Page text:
The great companies and leaders of the next decade will be those who are willing to endure.
This past Saturday at 6am, I joined a small group of friends to do the Chad 1000X – one thousand box step-ups performed while wearing a weighted backpack. The Chad 1000X honors the memory of Chad Wilkinson, a Navy Seal who took his life in 2018, and was started to bring awareness to the impact on our veterans of PTSD and traumatic brain injuries.
The workout took us a little over an hour to complete. During most of the time, I kept my mind focused on the sacrifices of the many men and women who have served our country. And when I began to question my ability to keep going, I told myself that very few good things in life happen without some hardship. I was reminded that the ability to endure in the face of challenging circumstances, more than anything else, matters most.
In the world of business building, endurance may be the single most important quality. The word endure is defined as: to suffer (something painful or difficult) patiently; to remain in existence, last. It is derived from the Latin word indurare, from in – ‘in’ + durus ‘hard.’ The companies and leaders who are willing to endure – to suffer patiently in service of building businesses that last – will succeed. Those who succumb to the siren call of unnatural rates of growth and lack the patience to lay the foundations for sustained growth over time will fail. Just this past week, we saw FTX, a cryptocurrency exchange that was recently valued at $32 billion, implode without warning along with its once-heralded billionaire founder Sam Bankman Fried. My sense is that there will be more of these types of systemic failures. The laws of nature, which apply to companies and individuals alike, don’t bend to the will of those seeking a shortcut.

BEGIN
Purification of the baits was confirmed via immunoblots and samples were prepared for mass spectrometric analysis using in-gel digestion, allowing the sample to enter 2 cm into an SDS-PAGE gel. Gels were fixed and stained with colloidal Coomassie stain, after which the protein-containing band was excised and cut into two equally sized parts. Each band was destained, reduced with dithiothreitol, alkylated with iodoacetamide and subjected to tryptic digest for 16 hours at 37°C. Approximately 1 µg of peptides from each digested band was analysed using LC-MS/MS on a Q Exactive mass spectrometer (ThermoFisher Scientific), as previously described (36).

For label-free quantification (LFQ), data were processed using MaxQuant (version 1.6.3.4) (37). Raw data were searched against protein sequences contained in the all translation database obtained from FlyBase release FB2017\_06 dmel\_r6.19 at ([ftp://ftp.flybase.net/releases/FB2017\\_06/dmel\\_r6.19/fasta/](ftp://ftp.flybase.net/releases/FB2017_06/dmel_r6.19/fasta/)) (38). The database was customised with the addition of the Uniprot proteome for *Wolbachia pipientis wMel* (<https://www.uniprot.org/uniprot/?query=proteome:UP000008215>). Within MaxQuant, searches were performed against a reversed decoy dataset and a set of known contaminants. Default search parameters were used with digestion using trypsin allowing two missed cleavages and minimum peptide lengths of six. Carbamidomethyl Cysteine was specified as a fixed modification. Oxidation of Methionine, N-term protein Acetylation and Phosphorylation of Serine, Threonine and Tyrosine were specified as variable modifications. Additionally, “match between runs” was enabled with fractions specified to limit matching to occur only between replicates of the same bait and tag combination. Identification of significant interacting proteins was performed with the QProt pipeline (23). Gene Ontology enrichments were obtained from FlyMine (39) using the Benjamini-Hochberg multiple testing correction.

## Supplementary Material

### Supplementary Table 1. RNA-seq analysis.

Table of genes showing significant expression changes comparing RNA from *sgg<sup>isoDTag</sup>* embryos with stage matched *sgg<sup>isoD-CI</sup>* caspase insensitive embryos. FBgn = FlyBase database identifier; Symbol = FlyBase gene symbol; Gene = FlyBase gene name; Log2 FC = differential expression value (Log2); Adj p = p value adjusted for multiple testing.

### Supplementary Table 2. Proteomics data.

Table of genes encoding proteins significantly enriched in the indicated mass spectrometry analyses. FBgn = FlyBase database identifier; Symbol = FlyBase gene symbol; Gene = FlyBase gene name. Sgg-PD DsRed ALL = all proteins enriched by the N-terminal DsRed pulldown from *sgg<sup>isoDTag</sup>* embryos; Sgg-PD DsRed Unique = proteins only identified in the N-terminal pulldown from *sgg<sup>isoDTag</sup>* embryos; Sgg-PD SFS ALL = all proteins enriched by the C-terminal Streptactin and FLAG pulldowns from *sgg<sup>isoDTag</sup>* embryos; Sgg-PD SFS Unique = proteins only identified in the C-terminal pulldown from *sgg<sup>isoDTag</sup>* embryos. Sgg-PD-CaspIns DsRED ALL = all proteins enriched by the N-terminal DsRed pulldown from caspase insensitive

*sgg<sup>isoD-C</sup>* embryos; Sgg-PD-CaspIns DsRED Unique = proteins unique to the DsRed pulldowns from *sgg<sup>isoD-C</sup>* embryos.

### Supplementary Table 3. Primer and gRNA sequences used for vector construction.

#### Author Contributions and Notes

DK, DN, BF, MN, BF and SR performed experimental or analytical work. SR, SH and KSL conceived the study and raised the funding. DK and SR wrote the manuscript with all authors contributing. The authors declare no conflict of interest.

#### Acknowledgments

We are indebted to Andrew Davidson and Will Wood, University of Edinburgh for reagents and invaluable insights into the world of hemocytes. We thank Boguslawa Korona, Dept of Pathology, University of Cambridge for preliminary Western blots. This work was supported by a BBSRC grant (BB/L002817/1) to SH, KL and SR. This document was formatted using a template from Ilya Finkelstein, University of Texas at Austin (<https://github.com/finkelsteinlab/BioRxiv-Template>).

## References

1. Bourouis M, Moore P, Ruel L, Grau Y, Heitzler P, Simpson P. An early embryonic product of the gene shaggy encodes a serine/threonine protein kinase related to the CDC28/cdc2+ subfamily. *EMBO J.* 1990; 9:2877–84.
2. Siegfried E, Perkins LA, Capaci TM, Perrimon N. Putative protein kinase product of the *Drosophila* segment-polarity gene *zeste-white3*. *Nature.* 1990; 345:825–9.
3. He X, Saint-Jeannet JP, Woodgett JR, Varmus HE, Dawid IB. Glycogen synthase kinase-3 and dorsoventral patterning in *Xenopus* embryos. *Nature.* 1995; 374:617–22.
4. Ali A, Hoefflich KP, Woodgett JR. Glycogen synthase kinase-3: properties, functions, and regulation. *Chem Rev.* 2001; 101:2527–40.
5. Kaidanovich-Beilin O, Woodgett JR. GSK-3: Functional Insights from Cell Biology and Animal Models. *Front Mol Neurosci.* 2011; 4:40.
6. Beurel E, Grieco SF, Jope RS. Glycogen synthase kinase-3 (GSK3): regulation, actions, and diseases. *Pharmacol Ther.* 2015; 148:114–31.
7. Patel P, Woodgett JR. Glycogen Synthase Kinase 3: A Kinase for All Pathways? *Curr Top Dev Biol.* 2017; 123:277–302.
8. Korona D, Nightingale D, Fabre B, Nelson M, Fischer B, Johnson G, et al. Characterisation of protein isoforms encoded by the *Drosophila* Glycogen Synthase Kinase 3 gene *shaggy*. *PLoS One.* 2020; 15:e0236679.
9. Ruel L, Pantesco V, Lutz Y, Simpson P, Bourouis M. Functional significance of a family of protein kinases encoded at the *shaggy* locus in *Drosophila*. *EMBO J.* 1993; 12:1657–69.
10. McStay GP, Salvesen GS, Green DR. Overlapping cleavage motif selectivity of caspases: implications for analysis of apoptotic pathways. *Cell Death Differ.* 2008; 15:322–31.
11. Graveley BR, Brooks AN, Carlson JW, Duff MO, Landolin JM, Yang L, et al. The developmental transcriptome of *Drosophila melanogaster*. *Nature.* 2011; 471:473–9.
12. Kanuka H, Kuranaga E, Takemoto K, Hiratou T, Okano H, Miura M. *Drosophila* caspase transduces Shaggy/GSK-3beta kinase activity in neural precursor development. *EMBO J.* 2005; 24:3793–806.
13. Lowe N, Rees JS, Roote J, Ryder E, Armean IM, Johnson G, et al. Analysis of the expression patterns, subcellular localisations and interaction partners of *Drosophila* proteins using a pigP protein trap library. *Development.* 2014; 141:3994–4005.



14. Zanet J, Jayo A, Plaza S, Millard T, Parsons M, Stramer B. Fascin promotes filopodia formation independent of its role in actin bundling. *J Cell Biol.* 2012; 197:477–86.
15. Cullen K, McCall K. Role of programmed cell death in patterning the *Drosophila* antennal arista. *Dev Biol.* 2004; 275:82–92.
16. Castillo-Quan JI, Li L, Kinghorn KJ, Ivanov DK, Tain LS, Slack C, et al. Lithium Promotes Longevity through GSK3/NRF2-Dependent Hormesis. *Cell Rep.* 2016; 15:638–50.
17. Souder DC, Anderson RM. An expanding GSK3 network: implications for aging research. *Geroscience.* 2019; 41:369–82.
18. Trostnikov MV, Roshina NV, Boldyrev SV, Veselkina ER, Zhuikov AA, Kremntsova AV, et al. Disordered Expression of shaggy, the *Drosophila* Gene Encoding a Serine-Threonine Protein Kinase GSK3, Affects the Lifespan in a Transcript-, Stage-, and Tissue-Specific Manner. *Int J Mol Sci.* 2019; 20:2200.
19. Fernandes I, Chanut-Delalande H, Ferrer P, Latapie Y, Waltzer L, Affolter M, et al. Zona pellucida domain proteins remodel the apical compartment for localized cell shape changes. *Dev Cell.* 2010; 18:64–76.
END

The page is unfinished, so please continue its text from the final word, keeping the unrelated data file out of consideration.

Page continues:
In the year ahead, smart capital will flow to those companies that are willing to do the hard, step-by-step work of building a business over time. This will require leaders who are willing to play the long game. Those who are willing to suffer patiently. One step. Then the next. Then the next. In the words of the Scottish essayist and philosopher Thomas Carlyle, “endurance is patience concentrated.” The great companies and leaders of the next decade will be those who are willing to endure.
Thomas Friedman’s recent New York Times opinion piece, “How China Lost America,” is particularly good.
I love The Marginalian, a weekly newsletter written by Maria Popova. Her recent post summarizes sixteen life lessons, one for each of the sixteen years she’s been writing the newsletter. It’s a wonderful read and an even better guide for living a good life.
I finally watched 38 At The Garden on HBO, the short documentary of the rise of Jeremy Lin and his extraordinary first NBA season with the New York Knicks in 2012. It’s amazing.